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A Conservative donor paid more than £52,000 towards Boris Johnson's Downing Street flat refurbishment, the party's accounts have revealed.
The figures show the Conservative Party's central office provided a "bridging loan" of £52,802 to cover the renovations after being invoiced by the Cabinet Office in June last year.
They reveal the party was then "reimbursed in full" for this sum by Lord Brownlow in October, before the prime minister then "settled the costs" incurred by the Conservative peer in March.
The financing of the refurbishment to the flat in Number 11 Downing Street has been widely scrutinised, with the project vastly exceeding the £30,000 annual limit the PM is allowed to spend on his living quarters.
A Cabinet Office report published in July said almost all of this sum, more than £28,000, was spent on painting and sanding floorboards alone.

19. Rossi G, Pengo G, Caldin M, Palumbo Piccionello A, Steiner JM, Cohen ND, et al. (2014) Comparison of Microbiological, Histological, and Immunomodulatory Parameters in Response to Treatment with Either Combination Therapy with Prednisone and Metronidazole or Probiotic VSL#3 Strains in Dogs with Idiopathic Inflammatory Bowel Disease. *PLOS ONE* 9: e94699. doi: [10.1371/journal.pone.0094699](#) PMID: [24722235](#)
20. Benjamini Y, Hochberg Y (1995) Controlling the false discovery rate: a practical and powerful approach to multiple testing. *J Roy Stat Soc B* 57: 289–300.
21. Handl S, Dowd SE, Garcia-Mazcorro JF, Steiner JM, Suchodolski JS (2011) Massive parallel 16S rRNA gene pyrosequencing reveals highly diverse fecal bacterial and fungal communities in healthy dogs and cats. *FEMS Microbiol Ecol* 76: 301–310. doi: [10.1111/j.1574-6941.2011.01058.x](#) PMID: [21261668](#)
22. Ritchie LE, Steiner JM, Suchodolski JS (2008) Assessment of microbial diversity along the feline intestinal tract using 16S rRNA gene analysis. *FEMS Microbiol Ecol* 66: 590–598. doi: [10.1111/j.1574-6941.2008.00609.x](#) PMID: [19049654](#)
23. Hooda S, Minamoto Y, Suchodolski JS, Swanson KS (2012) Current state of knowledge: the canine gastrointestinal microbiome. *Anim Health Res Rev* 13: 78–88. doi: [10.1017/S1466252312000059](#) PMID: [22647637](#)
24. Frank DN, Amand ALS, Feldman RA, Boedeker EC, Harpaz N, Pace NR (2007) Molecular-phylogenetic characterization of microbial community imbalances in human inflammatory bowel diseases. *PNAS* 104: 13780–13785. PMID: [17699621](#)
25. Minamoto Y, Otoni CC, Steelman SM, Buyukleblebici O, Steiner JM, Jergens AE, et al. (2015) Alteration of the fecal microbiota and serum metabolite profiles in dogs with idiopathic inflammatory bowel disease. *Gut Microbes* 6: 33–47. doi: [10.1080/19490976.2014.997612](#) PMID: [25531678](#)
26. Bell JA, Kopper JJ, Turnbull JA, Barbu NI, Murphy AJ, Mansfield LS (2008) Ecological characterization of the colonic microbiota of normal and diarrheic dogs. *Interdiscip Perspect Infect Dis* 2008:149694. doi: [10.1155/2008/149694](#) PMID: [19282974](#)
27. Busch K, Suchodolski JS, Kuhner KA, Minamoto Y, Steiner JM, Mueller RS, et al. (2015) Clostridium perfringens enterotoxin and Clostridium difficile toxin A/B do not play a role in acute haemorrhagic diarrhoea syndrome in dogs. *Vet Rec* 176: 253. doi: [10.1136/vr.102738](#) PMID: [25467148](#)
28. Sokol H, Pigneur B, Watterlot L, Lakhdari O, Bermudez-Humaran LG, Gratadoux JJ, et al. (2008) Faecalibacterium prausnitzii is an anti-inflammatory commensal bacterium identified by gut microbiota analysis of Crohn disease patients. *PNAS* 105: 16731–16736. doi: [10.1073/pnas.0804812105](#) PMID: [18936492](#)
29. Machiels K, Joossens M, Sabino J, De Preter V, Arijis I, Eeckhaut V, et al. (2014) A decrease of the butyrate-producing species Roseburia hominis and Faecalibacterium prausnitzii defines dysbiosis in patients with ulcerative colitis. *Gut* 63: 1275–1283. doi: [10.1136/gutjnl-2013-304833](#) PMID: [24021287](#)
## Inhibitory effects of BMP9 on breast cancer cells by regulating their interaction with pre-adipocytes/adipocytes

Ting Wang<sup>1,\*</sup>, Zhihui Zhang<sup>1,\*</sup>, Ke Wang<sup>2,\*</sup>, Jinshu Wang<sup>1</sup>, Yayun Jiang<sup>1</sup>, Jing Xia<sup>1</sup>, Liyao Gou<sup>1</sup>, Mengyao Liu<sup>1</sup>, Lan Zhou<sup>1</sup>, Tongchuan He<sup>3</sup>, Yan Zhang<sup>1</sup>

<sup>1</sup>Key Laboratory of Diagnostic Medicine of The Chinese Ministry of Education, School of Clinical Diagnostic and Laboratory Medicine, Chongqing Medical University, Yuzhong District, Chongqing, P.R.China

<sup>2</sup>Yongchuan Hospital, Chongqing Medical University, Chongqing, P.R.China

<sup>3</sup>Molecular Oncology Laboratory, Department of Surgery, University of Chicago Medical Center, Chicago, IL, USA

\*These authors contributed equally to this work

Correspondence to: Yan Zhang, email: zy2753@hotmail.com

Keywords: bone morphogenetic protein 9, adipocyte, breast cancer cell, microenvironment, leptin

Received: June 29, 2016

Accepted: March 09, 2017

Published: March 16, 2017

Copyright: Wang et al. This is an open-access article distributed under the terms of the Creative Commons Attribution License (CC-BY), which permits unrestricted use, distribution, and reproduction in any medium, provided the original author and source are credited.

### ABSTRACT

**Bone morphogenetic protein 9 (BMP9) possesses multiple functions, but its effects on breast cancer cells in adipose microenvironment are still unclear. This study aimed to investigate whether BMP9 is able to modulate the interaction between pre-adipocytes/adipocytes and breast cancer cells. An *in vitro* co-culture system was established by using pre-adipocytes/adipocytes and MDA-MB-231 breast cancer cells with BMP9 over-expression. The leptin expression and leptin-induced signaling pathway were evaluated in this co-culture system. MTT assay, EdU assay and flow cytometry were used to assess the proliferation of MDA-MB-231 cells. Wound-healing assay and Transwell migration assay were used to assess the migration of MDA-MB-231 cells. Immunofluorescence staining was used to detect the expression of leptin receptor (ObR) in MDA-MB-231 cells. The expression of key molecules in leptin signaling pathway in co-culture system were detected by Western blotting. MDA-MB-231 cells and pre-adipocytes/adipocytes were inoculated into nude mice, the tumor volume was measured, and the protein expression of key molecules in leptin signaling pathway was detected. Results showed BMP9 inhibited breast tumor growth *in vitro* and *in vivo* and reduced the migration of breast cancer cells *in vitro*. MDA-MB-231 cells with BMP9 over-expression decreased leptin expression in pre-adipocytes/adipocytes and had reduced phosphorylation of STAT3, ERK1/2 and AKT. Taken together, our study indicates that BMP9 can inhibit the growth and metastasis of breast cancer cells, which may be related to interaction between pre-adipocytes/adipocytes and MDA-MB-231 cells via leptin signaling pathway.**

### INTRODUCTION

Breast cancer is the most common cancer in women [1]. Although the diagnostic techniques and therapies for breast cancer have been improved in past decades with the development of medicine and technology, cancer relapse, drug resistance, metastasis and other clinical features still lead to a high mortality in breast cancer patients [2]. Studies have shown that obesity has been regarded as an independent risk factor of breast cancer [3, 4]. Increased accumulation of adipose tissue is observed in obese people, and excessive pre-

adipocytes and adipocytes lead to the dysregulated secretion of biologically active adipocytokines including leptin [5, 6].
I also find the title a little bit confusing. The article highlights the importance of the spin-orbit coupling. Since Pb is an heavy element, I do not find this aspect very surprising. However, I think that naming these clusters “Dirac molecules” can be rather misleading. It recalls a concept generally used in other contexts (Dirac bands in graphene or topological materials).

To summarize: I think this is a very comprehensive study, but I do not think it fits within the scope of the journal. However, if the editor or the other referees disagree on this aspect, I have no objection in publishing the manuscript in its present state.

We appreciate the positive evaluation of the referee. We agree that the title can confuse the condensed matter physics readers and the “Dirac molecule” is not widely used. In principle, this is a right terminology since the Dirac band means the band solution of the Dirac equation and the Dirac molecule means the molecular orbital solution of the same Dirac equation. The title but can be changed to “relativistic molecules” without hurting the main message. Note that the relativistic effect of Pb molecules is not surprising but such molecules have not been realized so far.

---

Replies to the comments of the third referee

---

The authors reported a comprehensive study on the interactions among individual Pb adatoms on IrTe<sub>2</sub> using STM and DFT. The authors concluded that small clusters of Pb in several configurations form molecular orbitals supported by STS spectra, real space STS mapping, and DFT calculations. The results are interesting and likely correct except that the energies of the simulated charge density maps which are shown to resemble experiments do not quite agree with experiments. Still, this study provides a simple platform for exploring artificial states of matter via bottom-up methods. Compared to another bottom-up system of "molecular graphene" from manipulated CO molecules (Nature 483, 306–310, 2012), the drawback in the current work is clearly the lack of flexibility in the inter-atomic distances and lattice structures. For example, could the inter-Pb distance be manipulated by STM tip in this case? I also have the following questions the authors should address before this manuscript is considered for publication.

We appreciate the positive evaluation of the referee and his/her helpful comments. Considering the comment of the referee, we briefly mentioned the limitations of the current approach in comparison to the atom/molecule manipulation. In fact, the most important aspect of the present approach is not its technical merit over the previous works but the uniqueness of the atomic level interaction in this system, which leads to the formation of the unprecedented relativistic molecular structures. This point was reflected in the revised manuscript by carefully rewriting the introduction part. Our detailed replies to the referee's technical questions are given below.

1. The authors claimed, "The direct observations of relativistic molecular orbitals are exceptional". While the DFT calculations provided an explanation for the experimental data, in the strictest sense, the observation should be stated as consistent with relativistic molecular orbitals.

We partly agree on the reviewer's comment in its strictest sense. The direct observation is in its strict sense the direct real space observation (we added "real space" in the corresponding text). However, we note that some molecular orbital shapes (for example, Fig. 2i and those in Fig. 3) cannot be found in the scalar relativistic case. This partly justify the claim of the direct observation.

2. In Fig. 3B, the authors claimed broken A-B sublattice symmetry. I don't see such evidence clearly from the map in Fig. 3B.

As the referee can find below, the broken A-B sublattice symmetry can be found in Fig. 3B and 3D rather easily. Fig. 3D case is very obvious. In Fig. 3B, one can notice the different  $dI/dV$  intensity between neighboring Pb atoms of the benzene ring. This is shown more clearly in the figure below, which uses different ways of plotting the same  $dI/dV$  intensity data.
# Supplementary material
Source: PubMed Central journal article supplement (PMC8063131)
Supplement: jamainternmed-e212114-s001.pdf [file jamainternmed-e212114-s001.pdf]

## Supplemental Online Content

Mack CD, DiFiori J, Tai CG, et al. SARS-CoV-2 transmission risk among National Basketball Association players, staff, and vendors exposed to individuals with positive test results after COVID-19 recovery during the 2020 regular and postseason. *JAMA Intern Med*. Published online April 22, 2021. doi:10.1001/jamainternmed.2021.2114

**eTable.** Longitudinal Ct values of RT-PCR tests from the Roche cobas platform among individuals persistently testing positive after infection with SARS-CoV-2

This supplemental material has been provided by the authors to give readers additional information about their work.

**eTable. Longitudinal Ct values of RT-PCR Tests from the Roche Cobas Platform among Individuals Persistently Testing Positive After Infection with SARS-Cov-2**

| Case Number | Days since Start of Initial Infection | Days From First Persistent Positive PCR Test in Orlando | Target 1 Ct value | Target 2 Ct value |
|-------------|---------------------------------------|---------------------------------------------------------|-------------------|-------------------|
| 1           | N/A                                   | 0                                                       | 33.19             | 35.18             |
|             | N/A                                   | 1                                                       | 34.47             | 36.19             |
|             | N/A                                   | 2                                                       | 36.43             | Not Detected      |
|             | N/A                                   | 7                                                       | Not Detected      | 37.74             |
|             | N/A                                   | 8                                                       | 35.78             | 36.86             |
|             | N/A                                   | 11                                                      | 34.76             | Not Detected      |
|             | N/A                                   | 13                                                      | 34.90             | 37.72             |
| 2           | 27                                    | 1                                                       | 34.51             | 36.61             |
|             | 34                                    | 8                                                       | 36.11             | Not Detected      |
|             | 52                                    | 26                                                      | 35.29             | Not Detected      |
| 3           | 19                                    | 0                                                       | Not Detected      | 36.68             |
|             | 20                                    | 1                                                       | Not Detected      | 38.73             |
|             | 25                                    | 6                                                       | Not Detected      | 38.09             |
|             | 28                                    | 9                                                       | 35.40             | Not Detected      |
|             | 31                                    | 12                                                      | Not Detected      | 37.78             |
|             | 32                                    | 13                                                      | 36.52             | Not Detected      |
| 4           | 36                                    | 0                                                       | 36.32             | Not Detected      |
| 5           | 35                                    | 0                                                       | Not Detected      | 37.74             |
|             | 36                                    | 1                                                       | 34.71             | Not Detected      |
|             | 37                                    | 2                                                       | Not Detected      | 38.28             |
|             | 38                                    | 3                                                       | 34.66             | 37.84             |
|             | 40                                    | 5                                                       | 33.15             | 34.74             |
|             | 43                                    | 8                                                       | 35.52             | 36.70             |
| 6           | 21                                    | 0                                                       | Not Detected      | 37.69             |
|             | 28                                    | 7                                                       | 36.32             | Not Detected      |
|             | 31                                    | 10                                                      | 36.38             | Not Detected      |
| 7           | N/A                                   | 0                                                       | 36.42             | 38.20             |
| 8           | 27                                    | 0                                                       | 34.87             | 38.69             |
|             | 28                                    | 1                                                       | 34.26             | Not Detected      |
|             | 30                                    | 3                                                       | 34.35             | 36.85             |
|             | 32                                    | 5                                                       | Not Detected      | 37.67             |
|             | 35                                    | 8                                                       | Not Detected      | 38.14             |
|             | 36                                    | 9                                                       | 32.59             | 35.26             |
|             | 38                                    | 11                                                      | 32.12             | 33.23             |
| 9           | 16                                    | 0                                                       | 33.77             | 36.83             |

Invoices for further works - which reportedly involves the company Soane, co-founded by top interior designer Lulu Lytle - meant the total costs went over the £30,000 public funding limit.
Responding to the figures, Labour's deputy leader Angela Rayner said: "These latest revelations prove that the prime minister appears to be allergic to telling the truth about the dodgy dealings and the web of conflicts of interests, secret loans and cover-ups that hang over him like a bad smell."
The Conservative Party points to a review by the PM's ministerial standards adviser Lord Geidt in May which found that while Mr Johnson acted "unwisely" in allowing the refurbishment to go ahead without "more rigorous regard" for how the project would be funded, he did not breach the ministerial code.
A Conservative spokesperson said: "As stated, the party provided a short-term bridging loan that was reimbursed to the party in full."
Lord Geidt concluded that the PM had not been aware that Conservative peer Lord Brownlow had initially settled an invoice for the renovations.
His review in May did not say how much Lord Brownlow had paid.
The PM has continually insisted he has not broken any laws or rules over renovations of his Number 11 residence.
He and his fiancee, Carrie Symonds, are said to have wanted an overhaul of the flat in order to replace what has been termed Theresa May's "John Lewis furniture nightmare".